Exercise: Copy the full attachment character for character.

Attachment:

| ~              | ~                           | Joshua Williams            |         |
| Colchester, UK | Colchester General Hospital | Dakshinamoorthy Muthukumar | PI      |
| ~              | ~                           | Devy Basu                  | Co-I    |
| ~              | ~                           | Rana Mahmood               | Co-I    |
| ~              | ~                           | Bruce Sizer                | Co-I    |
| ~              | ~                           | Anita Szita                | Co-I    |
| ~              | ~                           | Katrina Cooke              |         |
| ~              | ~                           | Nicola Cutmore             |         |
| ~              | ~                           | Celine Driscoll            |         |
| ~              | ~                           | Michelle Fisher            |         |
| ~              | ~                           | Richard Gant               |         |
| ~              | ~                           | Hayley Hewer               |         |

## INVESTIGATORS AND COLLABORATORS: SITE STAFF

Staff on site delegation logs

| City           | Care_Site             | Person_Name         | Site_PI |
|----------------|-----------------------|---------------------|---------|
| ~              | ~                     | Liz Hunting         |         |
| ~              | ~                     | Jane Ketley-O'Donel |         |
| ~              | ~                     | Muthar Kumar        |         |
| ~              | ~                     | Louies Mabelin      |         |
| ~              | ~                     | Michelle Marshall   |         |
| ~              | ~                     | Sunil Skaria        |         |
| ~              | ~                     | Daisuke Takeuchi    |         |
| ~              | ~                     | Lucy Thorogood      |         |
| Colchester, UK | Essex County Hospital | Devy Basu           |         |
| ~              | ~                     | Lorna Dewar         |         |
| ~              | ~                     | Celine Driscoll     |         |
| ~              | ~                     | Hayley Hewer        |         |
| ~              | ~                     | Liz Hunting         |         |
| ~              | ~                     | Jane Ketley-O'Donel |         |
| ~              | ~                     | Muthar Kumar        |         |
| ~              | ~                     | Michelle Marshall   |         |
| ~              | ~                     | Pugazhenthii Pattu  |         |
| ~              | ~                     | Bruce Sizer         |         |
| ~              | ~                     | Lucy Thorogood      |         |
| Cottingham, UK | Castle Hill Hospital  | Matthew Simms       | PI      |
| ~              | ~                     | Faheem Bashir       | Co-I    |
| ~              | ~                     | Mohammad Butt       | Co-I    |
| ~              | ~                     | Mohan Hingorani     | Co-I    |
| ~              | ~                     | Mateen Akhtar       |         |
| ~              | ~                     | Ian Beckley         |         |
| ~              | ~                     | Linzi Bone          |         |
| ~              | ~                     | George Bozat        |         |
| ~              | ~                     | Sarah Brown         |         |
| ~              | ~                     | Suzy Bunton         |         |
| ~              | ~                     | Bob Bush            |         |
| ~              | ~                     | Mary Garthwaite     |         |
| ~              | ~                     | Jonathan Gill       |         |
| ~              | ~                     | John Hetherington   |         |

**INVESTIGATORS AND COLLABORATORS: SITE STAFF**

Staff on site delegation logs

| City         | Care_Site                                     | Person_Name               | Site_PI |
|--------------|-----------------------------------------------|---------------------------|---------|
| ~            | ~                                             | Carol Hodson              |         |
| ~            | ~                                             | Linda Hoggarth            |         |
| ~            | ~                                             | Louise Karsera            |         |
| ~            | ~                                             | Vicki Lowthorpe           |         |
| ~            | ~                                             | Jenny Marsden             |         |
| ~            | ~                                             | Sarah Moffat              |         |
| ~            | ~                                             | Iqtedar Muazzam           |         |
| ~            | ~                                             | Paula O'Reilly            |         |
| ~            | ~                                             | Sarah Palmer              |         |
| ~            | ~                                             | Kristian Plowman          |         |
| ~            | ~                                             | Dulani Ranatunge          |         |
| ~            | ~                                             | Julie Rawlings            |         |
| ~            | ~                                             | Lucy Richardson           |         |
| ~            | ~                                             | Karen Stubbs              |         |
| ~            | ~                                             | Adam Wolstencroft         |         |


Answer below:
| ~              | ~                           | Joshua Williams            |         |
| Colchester, UK | Colchester General Hospital | Dakshinamoorthy Muthukumar | PI      |
| ~              | ~                           | Devy Basu                  | Co-I    |
| ~              | ~                           | Rana Mahmood               | Co-I    |
| ~              | ~                           | Bruce Sizer                | Co-I    |
| ~              | ~                           | Anita Szita                | Co-I    |
| ~              | ~                           | Katrina Cooke              |         |
| ~              | ~                           | Nicola Cutmore             |         |
| ~              | ~                           | Celine Driscoll            |         |
| ~              | ~                           | Michelle Fisher            |         |
| ~              | ~                           | Richard Gant               |         |
| ~              | ~                           | Hayley Hewer               |         |

## INVESTIGATORS AND COLLABORATORS: SITE STAFF

Staff on site delegation logs

| City           | Care_Site             | Person_Name         | Site_PI |
|----------------|-----------------------|---------------------|---------|
| ~              | ~                     | Liz Hunting         |         |
| ~              | ~                     | Jane Ketley-O'Donel |         |
| ~              | ~                     | Muthar Kumar        |         |
| ~              | ~                     | Louies Mabelin      |         |
| ~              | ~                     | Michelle Marshall   |         |
| ~              | ~                     | Sunil Skaria        |         |
| ~              | ~                     | Daisuke Takeuchi    |         |
| ~              | ~                     | Lucy Thorogood      |         |
| Colchester, UK | Essex County Hospital | Devy Basu           |         |
| ~              | ~                     | Lorna Dewar         |         |
| ~              | ~                     | Celine Driscoll     |         |
| ~              | ~                     | Hayley Hewer        |         |
| ~              | ~                     | Liz Hunting         |         |
| ~              | ~                     | Jane Ketley-O'Donel |         |
| ~              | ~                     | Muthar Kumar        |         |
| ~              | ~                     | Michelle Marshall   |         |
| ~              | ~                     | Pugazhenthii Pattu  |         |
| ~              | ~                     | Bruce Sizer         |         |
| ~              | ~                     | Lucy Thorogood      |         |
| Cottingham, UK | Castle Hill Hospital  | Matthew Simms       | PI      |
| ~              | ~                     | Faheem Bashir       | Co-I    |
| ~              | ~                     | Mohammad Butt       | Co-I    |
| ~              | ~                     | Mohan Hingorani     | Co-I    |
| ~              | ~                     | Mateen Akhtar       |         |
| ~              | ~                     | Ian Beckley         |         |
| ~              | ~                     | Linzi Bone          |         |
| ~              | ~                     | George Bozat        |         |
| ~              | ~                     | Sarah Brown         |         |
| ~              | ~                     | Suzy Bunton         |         |
| ~              | ~                     | Bob Bush            |         |
| ~              | ~                     | Mary Garthwaite     |         |
| ~              | ~                     | Jonathan Gill       |         |
| ~              | ~                     | John Hetherington   |         |

**INVESTIGATORS AND COLLABORATORS: SITE STAFF**

Staff on site delegation logs

| City         | Care_Site                                     | Person_Name               | Site_PI |
|--------------|-----------------------------------------------|---------------------------|---------|
| ~            | ~                                             | Carol Hodson              |         |
| ~            | ~                                             | Linda Hoggarth            |         |
| ~            | ~                                             | Louise Karsera            |         |
| ~            | ~                                             | Vicki Lowthorpe           |         |
| ~            | ~                                             | Jenny Marsden             |         |
| ~            | ~                                             | Sarah Moffat              |         |
| ~            | ~                                             | Iqtedar Muazzam           |         |
| ~            | ~                                             | Paula O'Reilly            |         |
| ~            | ~                                             | Sarah Palmer              |         |
| ~            | ~                                             | Kristian Plowman          |         |
| ~            | ~                                             | Dulani Ranatunge          |         |
| ~            | ~                                             | Julie Rawlings            |         |
| ~            | ~                                             | Lucy Richardson           |         |
| ~            | ~                                             | Karen Stubbs              |         |
| ~            | ~                                             | Adam Wolstencroft         |         |